Sports

New disc golf course promotes fellowship on campus

In early spring of 2017, Scott Marksberry, John Brown University’s former men’s soccer coach, mapped out a rough disc golf course with wooden stakes, letting students play the “holes” for feedback.

What began as a coach’s idea has now become a reality in the form of the Eagle Ridge Disc Golf Course.

Robyn Daugherty, the athletic director at JBU, said “Coach Marksberry and I wanted this course because it was something that anybody could do, you don’t really have to know what you’re doing. It promotes conversation and fellowship.”  The course is nine holes, beginning near the tennis courts and ending on the Sager Creek trail.

Groundskeeper and facilities management specialist, Tony Harrison, and the entire JBU grounds crew, worked to clear the course to make it ready for play. “There wasn’t a whole lot that had to be done other than a little bit of tree cutting and bush hogging,” Harrison said. “We were pretty fortunate the way it was set up.”

The grounds crew and work study members had to cut trees, dig holes and rake rocks.

Travis Chaney, the grounds foreman, said, “There was a lot of grunt work.”

The course has grown immensely from its humble, wooden-stake beginning. Daugherty hired a professional disc golf course designer to help Marksberry’s dream come to life. HB Clark, owner of Bluegrass Disc Golf in Kentucky, flew down to do the final design.

“He basically just flagged it out and told us what the parameters for the fairways and the parameters around the baskets were,” Harrison said.

Professional disc golfers, a few of whom call Siloam Springs home, use different kinds of discs for each hole, much like golfers do.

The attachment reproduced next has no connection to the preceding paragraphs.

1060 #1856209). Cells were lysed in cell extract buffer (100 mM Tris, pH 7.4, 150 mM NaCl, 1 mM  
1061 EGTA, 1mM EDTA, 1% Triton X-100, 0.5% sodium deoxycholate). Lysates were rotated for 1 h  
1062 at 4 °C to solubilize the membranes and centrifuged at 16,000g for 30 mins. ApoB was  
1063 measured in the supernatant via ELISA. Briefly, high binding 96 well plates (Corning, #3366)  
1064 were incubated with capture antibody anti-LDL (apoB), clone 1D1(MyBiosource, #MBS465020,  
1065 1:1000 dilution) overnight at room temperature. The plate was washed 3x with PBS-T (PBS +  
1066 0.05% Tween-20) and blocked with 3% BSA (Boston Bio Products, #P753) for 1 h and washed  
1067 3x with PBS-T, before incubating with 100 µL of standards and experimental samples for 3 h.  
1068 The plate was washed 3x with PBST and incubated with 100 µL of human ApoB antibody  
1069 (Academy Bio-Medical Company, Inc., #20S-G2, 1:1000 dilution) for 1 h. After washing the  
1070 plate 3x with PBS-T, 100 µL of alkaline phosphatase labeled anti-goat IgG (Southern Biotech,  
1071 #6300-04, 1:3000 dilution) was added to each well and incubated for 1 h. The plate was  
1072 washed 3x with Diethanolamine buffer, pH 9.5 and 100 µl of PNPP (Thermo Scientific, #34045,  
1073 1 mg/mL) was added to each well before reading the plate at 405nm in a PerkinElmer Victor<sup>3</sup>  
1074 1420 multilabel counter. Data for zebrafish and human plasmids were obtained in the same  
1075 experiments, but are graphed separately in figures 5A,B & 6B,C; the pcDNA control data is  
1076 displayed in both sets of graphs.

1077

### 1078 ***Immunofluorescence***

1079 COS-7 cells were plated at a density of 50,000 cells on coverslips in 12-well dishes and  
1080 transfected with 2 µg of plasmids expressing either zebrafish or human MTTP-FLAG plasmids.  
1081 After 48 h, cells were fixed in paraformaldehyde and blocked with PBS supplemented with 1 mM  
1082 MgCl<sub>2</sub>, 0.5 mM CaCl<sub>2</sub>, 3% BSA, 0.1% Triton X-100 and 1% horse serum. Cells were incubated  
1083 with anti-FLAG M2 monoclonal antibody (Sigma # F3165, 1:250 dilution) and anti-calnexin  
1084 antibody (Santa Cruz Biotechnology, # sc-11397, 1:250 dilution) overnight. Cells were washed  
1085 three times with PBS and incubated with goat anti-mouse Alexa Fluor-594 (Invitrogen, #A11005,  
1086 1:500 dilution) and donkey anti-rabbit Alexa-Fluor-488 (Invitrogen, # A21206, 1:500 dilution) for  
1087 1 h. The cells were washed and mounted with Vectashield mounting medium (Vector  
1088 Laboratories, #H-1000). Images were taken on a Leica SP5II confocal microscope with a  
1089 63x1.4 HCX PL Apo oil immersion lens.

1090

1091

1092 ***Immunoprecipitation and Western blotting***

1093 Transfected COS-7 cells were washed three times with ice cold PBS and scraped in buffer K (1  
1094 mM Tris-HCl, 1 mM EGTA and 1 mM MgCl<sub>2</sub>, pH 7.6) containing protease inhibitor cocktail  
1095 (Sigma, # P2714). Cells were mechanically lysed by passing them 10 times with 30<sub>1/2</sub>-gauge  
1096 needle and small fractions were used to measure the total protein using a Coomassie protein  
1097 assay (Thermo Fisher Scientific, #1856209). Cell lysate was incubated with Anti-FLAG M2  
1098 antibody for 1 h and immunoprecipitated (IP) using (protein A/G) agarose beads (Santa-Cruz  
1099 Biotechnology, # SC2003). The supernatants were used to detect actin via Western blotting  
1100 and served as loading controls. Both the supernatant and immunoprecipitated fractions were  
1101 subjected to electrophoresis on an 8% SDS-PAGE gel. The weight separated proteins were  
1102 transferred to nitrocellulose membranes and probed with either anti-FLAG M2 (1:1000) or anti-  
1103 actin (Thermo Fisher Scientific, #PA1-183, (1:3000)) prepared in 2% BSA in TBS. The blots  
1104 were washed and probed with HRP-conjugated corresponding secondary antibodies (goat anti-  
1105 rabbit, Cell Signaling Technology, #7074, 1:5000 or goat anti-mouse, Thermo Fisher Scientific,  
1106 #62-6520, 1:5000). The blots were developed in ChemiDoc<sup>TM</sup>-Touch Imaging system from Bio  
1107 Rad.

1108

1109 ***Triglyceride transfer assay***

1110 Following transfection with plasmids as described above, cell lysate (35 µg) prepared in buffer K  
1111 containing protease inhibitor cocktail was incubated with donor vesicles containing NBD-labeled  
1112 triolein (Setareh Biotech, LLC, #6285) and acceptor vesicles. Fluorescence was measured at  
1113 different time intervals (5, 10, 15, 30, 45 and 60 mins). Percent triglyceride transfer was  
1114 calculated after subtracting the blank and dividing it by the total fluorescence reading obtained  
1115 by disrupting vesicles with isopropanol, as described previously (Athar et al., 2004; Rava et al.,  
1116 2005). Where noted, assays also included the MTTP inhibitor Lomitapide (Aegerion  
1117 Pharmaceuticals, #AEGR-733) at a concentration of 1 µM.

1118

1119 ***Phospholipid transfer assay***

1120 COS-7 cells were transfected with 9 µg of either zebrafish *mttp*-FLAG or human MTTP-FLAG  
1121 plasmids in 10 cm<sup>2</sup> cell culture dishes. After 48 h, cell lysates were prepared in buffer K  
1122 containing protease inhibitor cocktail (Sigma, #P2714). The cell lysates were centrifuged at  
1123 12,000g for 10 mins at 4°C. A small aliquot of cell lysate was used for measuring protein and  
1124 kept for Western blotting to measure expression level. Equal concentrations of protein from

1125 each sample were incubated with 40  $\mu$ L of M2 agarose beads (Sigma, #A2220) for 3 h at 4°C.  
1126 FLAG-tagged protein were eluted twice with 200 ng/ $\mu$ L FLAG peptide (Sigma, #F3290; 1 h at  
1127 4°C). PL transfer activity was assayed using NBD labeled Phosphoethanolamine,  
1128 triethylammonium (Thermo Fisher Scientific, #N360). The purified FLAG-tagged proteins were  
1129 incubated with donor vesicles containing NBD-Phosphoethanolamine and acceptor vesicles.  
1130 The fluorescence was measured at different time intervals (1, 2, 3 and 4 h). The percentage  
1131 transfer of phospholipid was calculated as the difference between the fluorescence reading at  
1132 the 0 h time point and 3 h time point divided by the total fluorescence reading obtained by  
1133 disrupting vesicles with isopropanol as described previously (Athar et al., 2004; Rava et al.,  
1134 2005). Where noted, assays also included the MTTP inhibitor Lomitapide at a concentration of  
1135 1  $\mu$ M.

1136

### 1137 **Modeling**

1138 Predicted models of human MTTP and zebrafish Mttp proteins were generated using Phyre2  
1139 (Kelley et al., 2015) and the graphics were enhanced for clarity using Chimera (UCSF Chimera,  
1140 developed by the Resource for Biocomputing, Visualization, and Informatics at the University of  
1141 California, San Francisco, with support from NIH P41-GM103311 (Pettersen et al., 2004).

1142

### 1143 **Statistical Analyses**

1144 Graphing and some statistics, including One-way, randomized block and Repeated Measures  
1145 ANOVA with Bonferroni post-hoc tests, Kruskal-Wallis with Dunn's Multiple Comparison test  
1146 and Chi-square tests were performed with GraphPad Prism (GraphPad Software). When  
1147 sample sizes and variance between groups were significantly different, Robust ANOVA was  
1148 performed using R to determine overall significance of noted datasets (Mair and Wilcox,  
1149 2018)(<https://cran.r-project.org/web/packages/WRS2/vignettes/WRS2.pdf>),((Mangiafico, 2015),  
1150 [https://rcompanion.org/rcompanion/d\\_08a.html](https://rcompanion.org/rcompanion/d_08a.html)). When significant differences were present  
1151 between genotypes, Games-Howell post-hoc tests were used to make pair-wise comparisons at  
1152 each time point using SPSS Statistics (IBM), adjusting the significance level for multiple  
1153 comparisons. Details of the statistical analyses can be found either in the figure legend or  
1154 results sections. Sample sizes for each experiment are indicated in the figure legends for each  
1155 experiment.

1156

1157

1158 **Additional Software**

“You have putters and you have fairway throws and different weights and sizes,” Daugherty said. Because of the precision required for disc golf, the parameters of the course are important, especially because Daugherty hopes to host a disc golf tournament for professional disc golfers in and around Northwest Arkansas next fall.

The total cost of the course was $9,053, the baskets alone costing $4,000.

“We went up and approached student government to partner with us on funding. They wanted some signatures to show that students really wanted it,” Daugherty said. “We spent two days in the Caf last spring at lunchtime and collected over 400 signatures in a matter of two hours.” SGA funded a part of the course, and two private donors funded the rest of it. Daugherty also opened the possibility for private businesses to sponsor holes for three-year terms.

“We basically sponsored holes so that as we move through if we need upkeep on any of the holes, if a basket breaks, if the sign gets faded from the sun or whatever, we’ve got some seed money to use for repair,” Daugherty said.

Next fall, assistant men’s basketball coach Drew Schauss is planning on teaching a combination wellness course with golf and disc golf. The course is open for play, and discs will soon be made available to check out from the Walton Lifetime Health Complex.